“When I was asked to speak on
‘What is Culinary Tourism?’
â€¦ I realized that it is a very, ve ry complex concept.”
“â€¦It is likely that we have to create a whole philosophy, a whole idea, and
ma rket Canada as an eating destination.
There are other countries that have been very successful at doing thisâ€¦
Take France â€¦ in France you do have some exce llent restaurants, but
really not a lot more per capita than other parts of the world. But you have
an incredible amount of very good restaurants. So maybe it is more about
the consistency of a product, then it is about a few incredible destinations,
or a few events.”
– Stefan Czapalay, Chef / Owner
Essence Food Consulting
The importance of food to travel is obvious to anyone whohas heard about someone’s vacation. Returning travelers tell of new foods eaten, new habits learned, and sometimes, in the case of spa and cooking-school vacations, of travel specifically for the food. In 1998, folklorist Lucy Long (a Penn Ph.D.) first used the term “culinary tourism” to indicate travel for the purpose of experiencing other cultures through their food. Culinary tourism has since engendered a number of academic books and articles. Culinary tourism providers see a range of ages among food tourists, but people in their 40s and 50s are most common. “Culinary tourism is shock treatment. It brings life into view through the surprises afforded by the unexpected and the unplanned Life is what happens to you while you’re busy making other plans” as John Lennon is said.
Connection between food and tourism
Consumption is an integral aspect of the tourist experience, with the tourist consuming not only the sights and sounds, but also the taste of a place. Nearly, all tourists eat and dine out. . Local food is a fundamental component of a destination’s attributes, adding to the range of attractions and the overall tourist experience (Symons, 1999). This makes food an essential constituent of tourism production as well as consumption. Such developments have spurred an interest in experiencing the unique and indigenous food, food products and cuisines of a destination, so much so that people are often traveling to a destination specifically to experience the local cuisines or to taste the dishes of its ‘celebrity chef’ (Mitchell & Hall, 2003). Traveling for food has taken an entirely new meaning from what it used to when voyages were undertaken for spice trade, but voyagers still carried dried food, as the local cuisines were looked upon with suspicion (Tannahill, 1988). Local food or cuisines that are unique to an area are one of the distinctive resources that may be used as marketing tools to get more visitors. The growth of eating out as a form of consumption and the market forces of globalization have made the food products and cuisines from all over the world more accessible. This has stimulated the emergence of food as a theme in magazines (Cuisine, Gourmet Traveler, Food and Travel), radio shows (Chef’s Table, Splendid Table), and television, particularly cable television, with food shows focusing on travel and travel shows on food. In fact, the popularity of twenty-four hour television channels, such as the Food Network devoted to food and the place that food comes from, intertwines food with tourism so much that quite often it is hard to determine whether one is watching a food show or a travel show.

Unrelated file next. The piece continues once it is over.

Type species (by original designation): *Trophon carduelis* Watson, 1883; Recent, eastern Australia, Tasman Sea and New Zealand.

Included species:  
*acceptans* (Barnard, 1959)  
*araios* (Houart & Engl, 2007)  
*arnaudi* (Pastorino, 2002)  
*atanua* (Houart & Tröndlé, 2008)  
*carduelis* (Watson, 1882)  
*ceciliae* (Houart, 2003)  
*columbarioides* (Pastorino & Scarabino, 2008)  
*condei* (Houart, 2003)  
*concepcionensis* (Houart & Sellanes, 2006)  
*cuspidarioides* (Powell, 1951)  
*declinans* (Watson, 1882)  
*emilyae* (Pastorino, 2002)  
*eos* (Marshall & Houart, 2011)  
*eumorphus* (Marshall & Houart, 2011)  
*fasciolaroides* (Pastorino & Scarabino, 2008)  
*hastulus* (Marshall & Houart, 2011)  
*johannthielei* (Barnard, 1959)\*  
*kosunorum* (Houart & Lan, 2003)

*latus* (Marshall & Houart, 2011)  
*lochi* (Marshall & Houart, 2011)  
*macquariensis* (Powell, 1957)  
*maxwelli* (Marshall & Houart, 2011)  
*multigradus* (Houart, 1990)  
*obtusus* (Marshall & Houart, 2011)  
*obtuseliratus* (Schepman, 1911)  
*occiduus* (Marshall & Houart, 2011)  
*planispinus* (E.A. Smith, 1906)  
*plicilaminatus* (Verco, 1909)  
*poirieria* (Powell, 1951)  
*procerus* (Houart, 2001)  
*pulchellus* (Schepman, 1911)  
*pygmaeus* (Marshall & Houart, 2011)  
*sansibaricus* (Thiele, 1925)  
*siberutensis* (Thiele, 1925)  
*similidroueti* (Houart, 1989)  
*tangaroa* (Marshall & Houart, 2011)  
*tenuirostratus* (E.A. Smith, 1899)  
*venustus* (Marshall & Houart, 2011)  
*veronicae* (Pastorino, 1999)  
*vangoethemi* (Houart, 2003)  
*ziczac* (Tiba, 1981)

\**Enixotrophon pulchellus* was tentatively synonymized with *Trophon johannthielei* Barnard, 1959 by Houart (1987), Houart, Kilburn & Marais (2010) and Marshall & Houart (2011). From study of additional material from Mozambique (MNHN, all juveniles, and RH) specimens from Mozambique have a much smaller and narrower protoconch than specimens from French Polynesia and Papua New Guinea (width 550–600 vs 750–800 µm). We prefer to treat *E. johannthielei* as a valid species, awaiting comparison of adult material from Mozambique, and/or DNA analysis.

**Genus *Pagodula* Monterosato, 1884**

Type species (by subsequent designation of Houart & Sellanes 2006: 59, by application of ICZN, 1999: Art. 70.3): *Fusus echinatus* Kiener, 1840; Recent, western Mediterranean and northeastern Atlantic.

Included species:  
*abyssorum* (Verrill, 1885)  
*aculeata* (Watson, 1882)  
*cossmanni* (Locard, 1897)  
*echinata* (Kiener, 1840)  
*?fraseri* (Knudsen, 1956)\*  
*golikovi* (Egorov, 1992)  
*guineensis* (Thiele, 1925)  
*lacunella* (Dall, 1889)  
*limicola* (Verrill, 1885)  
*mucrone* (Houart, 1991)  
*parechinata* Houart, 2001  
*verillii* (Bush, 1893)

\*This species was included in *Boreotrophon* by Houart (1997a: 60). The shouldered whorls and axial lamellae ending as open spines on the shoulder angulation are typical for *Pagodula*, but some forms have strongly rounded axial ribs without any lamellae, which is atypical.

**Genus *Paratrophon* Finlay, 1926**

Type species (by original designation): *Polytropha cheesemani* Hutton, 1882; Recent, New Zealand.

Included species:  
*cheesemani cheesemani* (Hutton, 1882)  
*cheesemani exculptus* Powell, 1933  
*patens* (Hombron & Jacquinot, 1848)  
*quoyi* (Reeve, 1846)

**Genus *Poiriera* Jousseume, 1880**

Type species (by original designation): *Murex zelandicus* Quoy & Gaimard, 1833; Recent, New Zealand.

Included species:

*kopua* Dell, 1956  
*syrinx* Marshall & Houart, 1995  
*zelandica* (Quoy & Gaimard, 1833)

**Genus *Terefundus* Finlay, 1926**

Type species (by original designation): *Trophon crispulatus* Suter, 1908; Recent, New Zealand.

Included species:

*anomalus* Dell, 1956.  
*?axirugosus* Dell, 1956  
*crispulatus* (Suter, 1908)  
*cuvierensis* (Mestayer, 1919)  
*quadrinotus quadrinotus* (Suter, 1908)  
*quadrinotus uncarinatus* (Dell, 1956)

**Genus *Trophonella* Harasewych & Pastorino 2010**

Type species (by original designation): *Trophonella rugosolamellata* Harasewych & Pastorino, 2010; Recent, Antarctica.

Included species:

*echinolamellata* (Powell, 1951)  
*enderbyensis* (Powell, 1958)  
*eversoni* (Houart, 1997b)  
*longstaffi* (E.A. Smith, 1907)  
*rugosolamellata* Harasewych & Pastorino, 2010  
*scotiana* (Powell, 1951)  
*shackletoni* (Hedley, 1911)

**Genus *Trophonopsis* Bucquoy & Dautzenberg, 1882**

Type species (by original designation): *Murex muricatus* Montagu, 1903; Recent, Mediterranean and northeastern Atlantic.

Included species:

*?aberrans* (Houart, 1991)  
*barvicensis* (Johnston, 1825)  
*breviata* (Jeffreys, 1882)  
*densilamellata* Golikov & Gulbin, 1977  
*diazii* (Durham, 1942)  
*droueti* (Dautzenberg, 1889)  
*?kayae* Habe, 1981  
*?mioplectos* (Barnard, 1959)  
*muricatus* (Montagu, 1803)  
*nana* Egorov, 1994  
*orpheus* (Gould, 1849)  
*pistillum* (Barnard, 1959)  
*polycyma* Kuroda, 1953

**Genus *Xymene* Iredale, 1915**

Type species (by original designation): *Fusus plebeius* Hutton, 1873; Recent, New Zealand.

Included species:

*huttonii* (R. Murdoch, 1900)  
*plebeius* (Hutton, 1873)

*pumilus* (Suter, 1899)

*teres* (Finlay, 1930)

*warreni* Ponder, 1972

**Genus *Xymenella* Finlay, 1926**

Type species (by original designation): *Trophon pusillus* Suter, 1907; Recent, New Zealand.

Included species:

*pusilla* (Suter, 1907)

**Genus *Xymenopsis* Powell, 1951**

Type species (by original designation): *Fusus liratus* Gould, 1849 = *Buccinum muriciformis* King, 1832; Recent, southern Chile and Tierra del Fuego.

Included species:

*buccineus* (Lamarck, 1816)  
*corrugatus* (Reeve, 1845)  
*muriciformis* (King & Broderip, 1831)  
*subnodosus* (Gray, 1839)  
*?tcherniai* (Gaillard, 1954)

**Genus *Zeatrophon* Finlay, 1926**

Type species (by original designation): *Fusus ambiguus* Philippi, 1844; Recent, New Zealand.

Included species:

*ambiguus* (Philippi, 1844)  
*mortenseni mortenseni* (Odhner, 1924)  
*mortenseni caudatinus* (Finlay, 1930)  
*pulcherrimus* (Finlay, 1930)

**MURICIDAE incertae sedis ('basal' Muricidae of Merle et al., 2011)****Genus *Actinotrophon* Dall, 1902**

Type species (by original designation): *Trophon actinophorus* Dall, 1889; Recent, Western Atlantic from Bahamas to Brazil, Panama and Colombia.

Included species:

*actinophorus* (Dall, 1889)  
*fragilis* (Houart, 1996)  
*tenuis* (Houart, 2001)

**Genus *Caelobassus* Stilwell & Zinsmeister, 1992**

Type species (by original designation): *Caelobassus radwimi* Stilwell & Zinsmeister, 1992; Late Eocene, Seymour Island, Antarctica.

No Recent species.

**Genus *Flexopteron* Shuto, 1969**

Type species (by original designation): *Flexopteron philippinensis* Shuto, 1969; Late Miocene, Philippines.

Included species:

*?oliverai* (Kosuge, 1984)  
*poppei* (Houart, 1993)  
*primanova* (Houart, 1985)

The Relationship between Food and Tourism
Food has been recognized as an effective promotional and positioning tool of a destination (Hjalager & Richards, 2002). Similarly, with increasing interest in local cuisine, more destinations are focusing on food as their core tourism product. For example, France, Italy, and Thailand have been known for their cuisine. The importance of the connection between food and tourism cannot be ignored. Each destination has different levels of attractiveness that can draw tourists from different countries (Au & Law, 2002). Authentic and interesting food can attract visitors to a destination. The destination will use food as the main attraction and will develop marketing strategies that will focus on the food. It is important for marketers of a culinary destination to know the image currently held by its targeted customers and how to affect their intention to visit through effective marketing strategies. Frochot (2003) recommended food images can be utilized to exhibit the cultural aspects of a country. As such, destinations can use food to represent its cultural experience, status, cultural identity, and communicating. Cuisines that are highly known for their taste and quality can be developed into tourist products (Hobsbawn & Ranger, 1983). Jones and Jenkins (2002) recommended that food is not only a basic need for tourists, but also a cultural element that can positively present a destination. Given that food can be used to project the identity and culture of a destination, food consumption can be used in the development of a destination image (Quan & Wang, 2004). In addition, food consumption also contributes to the economy of a destination, and provides tourists with a local experience. Culinary or gastronomical activities of a destination also are categorized as part of cultural tourism. Cultural tourism may include experiencing the cultural attractions as well as sampling the local food (Richards, 1996). Food can convey unique experience and enjoyment to travelers (Quan and Wang, 2004). Specifically, food may totally enhance tourists’ experience and can be the most memorable part of the trip.